************ Sermon on Genesis 21:1-7 ************

By: Rev. Adrian Dieleman

This sermon was preached on January 13, 2013

Genesis 21:1-7
Genesis 21:3-7
"Abraham and Sarah Respond in Faith"

Last time we learned four things about God when we looked at the first two verses of our Scripture reading. First, we saw that God is true to His promises – God keeps His promises, in His own way, and in His own time. Second, we also saw that God teaches patience and trust. Third, we saw that God reveals His power. And fourth, we saw that God accomplishes His redemptive purposes.

When we take those four points together, one thing stands out: God is in absolute control. This is confirmed by the comment of verse 5: "Abraham was a hundred years old when his son Isaac was born to him." This is not an incidental, unimportant detail. It reminds us that there was no way this old, tired couple could have had a son without the miraculous intervention of the Lord.

God, and His grace, is the focus of the first two verses. The focus of verses 3-7, on the other hand, is the faith response of Abraham and Sarah to what God has done. I want you to notice that God's sovereign control and faithfulness does not deny Abraham's responsibility within the covenant. Likewise, on this Lord's Supper Sunday we have to say that God's sovereign grace in Christ does not deny our need for a faith response.

We see three faith responses in our Scripture reading. First, Abraham and Sarah name their child Isaac. Second, they circumcise Isaac according to the covenant. And third, they rejoice in what God has done.

I The Child is Named Isaac
A First, we are told that "Abraham gave the name Isaac to the son Sarah bore him" (Gen 21:3). Abraham didn't have to think about it. He didn't have to talk this over with Sarah. Abraham and Sarah did not have to consult a book of the most popular baby names. We are expecting another baby boy in our family – not Ruth and I, but David and Linda. So we hear various names tossed about. Abraham did not have to do any of this because it is God Who declares ahead of time the name of the baby. A year before the baby's birth, God said to Abraham, "you will call him Isaac" (Gen 17:19).

The same thing happened when Hagar's son was born. Before birth the angel of the Lord said to Hagar, "You shall name him Ishmael" (Gen 16:11). So that was the name Abraham gave the boy (Gen 16:15). As with Isaac, Abraham didn't have to decide on a name.

This is not the first time we see God engaged in the act of naming. In Genesis 1, God called the light "day" and the darkness "night" (Gen 1:5). God called the expanse "sky" (Gen 1:8), the dry ground "land" (Gen 1:10), and the gathered waters He called "seas" (Gen 1:10). It was God Who named Abraham, meaning the father of many (Gen 17:5). And, it was God Who gave Sarah her name (Gen 17:15).

B In the Ancient World, to name something or someone is to exercise authority over them. Notice what God is doing not just in our passage but throughout Scripture? God is declaring and exercising His authority. God declares His authority over creation when He names day and night and sky and land and seas. God declares His authority over people when He names Ishmael and Isaac and Abraham and Sarah.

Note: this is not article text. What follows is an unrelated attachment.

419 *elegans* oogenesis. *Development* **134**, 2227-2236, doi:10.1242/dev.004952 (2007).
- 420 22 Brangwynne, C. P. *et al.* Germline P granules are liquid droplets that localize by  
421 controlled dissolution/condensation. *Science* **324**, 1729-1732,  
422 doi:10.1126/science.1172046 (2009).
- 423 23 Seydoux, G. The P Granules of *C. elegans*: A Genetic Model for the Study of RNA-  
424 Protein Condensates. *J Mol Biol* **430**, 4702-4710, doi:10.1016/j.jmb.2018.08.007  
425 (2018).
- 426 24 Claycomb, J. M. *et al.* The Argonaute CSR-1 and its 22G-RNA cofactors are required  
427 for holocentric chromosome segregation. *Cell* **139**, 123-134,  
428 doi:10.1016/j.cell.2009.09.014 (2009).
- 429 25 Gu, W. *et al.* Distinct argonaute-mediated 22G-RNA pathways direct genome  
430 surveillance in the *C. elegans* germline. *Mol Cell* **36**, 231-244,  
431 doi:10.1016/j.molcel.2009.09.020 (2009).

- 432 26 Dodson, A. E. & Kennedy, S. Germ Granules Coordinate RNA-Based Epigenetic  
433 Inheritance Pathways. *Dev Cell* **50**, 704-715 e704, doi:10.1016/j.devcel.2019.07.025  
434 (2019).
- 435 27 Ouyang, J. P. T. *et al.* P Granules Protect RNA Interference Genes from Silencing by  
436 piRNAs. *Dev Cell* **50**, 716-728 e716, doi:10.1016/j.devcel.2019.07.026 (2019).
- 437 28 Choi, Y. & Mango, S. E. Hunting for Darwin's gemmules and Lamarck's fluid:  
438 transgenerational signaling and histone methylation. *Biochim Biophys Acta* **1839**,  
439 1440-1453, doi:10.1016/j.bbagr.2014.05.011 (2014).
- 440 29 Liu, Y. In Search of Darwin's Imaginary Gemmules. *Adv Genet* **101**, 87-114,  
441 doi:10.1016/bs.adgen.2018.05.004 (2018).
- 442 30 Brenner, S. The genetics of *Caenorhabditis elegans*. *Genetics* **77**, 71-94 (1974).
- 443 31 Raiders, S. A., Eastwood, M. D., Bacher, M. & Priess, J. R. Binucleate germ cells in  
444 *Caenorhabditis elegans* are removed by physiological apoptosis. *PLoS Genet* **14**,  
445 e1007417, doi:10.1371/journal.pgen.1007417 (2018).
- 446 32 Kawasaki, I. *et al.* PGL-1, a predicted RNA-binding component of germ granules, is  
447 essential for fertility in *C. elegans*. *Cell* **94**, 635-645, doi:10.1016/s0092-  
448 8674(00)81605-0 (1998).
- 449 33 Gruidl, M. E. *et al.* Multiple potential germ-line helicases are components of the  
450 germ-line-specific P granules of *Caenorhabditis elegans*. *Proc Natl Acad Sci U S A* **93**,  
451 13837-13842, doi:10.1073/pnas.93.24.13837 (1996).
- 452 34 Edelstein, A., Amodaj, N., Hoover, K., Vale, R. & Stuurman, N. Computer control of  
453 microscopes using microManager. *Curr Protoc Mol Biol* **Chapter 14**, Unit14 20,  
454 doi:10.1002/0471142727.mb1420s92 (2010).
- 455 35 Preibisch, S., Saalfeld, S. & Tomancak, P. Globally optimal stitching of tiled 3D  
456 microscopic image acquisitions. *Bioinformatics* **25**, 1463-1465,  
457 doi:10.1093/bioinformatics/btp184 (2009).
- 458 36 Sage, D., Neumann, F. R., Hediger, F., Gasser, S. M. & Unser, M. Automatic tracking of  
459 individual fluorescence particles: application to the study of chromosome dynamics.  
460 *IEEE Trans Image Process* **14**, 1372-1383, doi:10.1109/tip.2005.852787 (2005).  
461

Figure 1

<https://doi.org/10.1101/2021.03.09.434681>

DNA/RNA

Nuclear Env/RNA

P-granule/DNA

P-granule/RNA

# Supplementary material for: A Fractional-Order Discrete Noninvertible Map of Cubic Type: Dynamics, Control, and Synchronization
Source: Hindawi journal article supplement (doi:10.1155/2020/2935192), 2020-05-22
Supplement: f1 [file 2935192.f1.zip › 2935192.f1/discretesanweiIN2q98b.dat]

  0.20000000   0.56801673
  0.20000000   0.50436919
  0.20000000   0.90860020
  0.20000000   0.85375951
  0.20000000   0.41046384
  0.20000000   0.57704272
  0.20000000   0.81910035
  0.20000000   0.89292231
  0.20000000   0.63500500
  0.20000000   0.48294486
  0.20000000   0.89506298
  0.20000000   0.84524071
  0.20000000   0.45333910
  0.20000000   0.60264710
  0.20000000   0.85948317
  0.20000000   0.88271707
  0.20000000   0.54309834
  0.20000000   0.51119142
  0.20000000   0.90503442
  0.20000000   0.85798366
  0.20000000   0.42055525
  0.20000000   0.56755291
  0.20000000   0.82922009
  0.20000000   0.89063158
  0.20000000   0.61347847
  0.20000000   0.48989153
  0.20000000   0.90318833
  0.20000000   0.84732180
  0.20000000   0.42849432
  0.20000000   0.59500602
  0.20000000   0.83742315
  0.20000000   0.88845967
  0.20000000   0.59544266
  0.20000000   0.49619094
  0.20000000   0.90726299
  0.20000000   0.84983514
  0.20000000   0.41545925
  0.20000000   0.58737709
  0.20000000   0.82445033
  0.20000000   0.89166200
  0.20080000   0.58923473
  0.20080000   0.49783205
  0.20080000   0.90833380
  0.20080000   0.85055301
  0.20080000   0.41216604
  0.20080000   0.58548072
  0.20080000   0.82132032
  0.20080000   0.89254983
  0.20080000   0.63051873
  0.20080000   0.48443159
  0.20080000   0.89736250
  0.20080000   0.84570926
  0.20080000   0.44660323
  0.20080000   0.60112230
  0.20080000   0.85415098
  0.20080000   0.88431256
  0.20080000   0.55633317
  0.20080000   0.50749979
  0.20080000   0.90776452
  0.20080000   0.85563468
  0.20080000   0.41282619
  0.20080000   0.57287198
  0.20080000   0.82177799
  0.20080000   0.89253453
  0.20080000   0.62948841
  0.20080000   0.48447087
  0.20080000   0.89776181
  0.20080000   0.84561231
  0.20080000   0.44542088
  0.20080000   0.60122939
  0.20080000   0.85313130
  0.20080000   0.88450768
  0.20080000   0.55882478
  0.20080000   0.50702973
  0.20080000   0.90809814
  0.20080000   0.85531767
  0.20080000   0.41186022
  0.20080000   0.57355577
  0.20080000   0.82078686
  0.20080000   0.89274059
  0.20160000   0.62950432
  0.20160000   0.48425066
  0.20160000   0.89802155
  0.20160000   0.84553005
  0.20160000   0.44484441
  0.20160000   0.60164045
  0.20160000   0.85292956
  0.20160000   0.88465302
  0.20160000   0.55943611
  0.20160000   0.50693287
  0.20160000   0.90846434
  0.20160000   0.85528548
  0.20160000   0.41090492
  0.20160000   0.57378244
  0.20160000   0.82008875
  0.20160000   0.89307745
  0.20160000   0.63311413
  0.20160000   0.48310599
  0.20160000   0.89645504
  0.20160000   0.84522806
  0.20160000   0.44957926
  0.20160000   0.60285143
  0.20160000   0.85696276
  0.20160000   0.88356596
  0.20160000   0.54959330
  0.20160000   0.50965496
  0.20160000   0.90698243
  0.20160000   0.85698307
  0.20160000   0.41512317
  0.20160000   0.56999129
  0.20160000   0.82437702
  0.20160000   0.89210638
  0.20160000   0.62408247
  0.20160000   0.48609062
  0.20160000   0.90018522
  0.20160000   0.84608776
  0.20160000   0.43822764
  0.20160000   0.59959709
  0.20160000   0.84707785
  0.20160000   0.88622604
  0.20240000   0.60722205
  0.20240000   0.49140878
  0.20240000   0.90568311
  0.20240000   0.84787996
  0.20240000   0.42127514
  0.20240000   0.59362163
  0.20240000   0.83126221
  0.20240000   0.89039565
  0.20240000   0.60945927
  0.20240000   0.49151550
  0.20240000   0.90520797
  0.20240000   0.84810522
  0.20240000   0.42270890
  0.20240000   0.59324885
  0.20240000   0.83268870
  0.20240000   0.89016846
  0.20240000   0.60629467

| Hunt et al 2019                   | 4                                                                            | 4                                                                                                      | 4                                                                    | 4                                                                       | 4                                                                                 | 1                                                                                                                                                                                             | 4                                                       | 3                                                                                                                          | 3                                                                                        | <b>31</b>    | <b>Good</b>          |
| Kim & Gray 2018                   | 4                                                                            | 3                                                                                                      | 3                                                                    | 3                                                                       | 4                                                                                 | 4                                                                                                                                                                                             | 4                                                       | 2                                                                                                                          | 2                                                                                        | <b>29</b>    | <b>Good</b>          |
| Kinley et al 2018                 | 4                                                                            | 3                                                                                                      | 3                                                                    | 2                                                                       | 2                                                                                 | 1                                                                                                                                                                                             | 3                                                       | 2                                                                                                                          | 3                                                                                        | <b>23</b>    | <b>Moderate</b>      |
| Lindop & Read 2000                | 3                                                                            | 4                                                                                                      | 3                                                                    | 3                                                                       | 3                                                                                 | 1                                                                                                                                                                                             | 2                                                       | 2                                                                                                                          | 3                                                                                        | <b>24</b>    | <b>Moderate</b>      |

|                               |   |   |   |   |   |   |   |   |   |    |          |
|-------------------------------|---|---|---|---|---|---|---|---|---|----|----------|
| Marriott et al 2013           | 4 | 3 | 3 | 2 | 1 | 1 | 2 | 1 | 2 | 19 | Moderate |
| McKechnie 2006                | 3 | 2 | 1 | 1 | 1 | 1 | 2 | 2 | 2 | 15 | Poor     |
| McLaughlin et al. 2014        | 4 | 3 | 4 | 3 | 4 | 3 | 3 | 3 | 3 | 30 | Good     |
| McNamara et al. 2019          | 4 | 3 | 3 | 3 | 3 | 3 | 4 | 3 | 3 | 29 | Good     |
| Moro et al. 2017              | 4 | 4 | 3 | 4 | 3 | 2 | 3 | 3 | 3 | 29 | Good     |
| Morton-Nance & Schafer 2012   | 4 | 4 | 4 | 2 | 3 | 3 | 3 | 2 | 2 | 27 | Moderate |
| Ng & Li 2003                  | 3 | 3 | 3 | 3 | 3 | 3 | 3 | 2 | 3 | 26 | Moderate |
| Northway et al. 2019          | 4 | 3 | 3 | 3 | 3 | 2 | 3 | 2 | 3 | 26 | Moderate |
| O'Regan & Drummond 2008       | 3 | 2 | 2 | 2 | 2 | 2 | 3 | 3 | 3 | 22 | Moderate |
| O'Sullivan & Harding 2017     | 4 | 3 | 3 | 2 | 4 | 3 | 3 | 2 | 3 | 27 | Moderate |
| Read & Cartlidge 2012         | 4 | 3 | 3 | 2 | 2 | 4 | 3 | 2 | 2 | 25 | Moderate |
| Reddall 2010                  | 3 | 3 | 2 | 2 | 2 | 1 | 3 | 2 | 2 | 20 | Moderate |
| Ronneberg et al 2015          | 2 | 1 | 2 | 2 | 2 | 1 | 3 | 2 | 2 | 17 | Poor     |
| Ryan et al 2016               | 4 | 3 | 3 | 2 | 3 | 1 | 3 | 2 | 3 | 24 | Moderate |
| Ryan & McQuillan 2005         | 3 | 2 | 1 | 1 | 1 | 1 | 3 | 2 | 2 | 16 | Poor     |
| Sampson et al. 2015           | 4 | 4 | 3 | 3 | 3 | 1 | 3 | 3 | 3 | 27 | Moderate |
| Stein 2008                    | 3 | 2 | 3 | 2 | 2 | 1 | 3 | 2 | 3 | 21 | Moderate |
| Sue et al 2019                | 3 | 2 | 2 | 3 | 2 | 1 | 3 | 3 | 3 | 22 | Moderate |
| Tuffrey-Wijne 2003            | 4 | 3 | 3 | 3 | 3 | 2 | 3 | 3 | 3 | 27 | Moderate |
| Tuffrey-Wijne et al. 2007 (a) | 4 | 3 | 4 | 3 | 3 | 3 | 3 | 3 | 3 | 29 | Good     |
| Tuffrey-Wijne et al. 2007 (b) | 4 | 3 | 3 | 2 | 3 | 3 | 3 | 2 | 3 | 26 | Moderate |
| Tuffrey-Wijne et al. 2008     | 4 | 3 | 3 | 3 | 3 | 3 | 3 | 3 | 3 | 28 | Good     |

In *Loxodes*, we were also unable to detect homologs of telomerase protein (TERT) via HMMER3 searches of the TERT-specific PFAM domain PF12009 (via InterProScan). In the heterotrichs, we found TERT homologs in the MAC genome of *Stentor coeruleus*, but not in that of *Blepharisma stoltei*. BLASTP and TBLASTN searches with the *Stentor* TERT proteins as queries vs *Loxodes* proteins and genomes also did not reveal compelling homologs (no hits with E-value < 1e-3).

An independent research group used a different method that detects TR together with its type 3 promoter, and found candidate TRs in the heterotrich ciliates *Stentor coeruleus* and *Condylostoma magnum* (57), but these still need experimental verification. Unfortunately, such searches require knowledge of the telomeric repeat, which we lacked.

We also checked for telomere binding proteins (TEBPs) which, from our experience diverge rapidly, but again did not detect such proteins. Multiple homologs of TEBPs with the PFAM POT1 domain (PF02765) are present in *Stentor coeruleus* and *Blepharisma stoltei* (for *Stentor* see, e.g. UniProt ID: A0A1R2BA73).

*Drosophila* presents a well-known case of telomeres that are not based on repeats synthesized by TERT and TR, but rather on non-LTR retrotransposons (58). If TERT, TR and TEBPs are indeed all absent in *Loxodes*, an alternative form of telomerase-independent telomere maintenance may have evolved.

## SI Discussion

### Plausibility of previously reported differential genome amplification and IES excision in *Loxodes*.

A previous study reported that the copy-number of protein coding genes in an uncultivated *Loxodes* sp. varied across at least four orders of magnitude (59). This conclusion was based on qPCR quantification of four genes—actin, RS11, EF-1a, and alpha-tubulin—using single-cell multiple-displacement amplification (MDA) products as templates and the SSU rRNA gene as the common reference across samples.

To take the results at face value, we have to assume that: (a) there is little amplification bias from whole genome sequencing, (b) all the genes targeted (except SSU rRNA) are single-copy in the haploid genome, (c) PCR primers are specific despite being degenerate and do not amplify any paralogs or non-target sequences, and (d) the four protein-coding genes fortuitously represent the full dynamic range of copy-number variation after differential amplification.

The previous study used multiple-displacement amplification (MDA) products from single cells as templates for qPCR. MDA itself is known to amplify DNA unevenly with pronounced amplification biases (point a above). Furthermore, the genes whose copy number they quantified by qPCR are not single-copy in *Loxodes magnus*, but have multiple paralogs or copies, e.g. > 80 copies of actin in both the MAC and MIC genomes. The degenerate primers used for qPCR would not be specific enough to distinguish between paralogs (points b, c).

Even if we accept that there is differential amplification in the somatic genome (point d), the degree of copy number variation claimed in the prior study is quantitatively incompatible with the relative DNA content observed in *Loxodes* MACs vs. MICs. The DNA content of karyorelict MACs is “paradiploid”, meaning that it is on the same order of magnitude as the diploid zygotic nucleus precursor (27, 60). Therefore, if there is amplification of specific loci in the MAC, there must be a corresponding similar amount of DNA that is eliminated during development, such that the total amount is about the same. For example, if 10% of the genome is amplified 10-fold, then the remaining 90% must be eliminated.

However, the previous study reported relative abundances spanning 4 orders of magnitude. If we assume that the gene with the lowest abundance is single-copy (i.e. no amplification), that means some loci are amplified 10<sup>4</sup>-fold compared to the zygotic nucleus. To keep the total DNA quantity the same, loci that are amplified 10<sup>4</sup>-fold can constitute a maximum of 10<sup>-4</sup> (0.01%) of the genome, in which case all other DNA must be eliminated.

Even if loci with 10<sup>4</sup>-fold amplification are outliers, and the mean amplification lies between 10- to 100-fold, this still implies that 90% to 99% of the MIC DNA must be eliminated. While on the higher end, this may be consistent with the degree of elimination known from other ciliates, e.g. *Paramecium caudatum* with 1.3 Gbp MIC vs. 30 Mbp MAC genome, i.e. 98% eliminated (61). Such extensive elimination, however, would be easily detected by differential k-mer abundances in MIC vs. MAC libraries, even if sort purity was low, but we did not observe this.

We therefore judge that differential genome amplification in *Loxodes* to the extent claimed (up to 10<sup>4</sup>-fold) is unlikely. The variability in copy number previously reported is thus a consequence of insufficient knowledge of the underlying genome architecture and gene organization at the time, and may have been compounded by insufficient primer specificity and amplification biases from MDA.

"Abraham gave the name Isaac to the son Sarah bore him" (Gen 21:3). Do you see what Abraham was doing? Do you hear what Abraham was doing? Abraham was declaring God's authority over his child. Abraham was declaring God's sovereign control over his child. How much control does God have? We will see in Genesis 22 that God has the right to have Isaac sacrificed.

C Abraham named his child Isaac even as earlier he gave the name Ishmael to Hagar's son. I want you to observe that both names reflect the gracious activity of God. Ishmael, remember, means "God hears." Sarah mistreated her maidservant, Hagar. So Hagar ran away and cried out to God. The name Ishmael is a reminder that God heard Hagar's cry. And, remember, not only does God hear but He also sees and knows. In fact, God hears all things, sees all things, and knows all things (cf Gen 16:13).

Isaac means "he laughs." Ruth and I have a grandson by the name of Isaac. He lives up to his name and laughs when he sees a Hacky-Sack going up and down or a drink coaster being rolled on the coffee table. Isaac means "he laughs." More than one commentator has noticed that the subject is not identified. So we need to ask, who laughs: is it God, is it Abraham and Sarah, or is it Isaac himself? "He laughs." Whoever does the laughing, the name Isaac recalls the laughter and joy at his birth.

D "Abraham gave the name Isaac to the son Sarah bore him" (Gen 21:3). On the face of it, what a silly name to give to someone. It is almost as bad as giving the name "Abraham" – meaning "father of many" – to an old man without any children. "Isaac." "He laughs."

Do you think this name provoked discussion in Abraham's tent? Do you think this caused some talk among the servants? "He laughs." What kind of name is that? Who gives their child that kind of name? Back then, just like now, people were named after their father. Abimelech, for instance, means "my father is king." Abram means "exalted father."

But Abraham, in obedience to the God of the covenant, named his child Isaac. Regardless of his personal feelings, regardless of what the servants or neighbors might be saying, regardless of what Sarah thought, Abraham named his child Isaac.

On this Lord's Supper Sunday, like Abraham, we need to respond in obedience and faith to the wondrous grace of God.

II Isaac Receives the Sign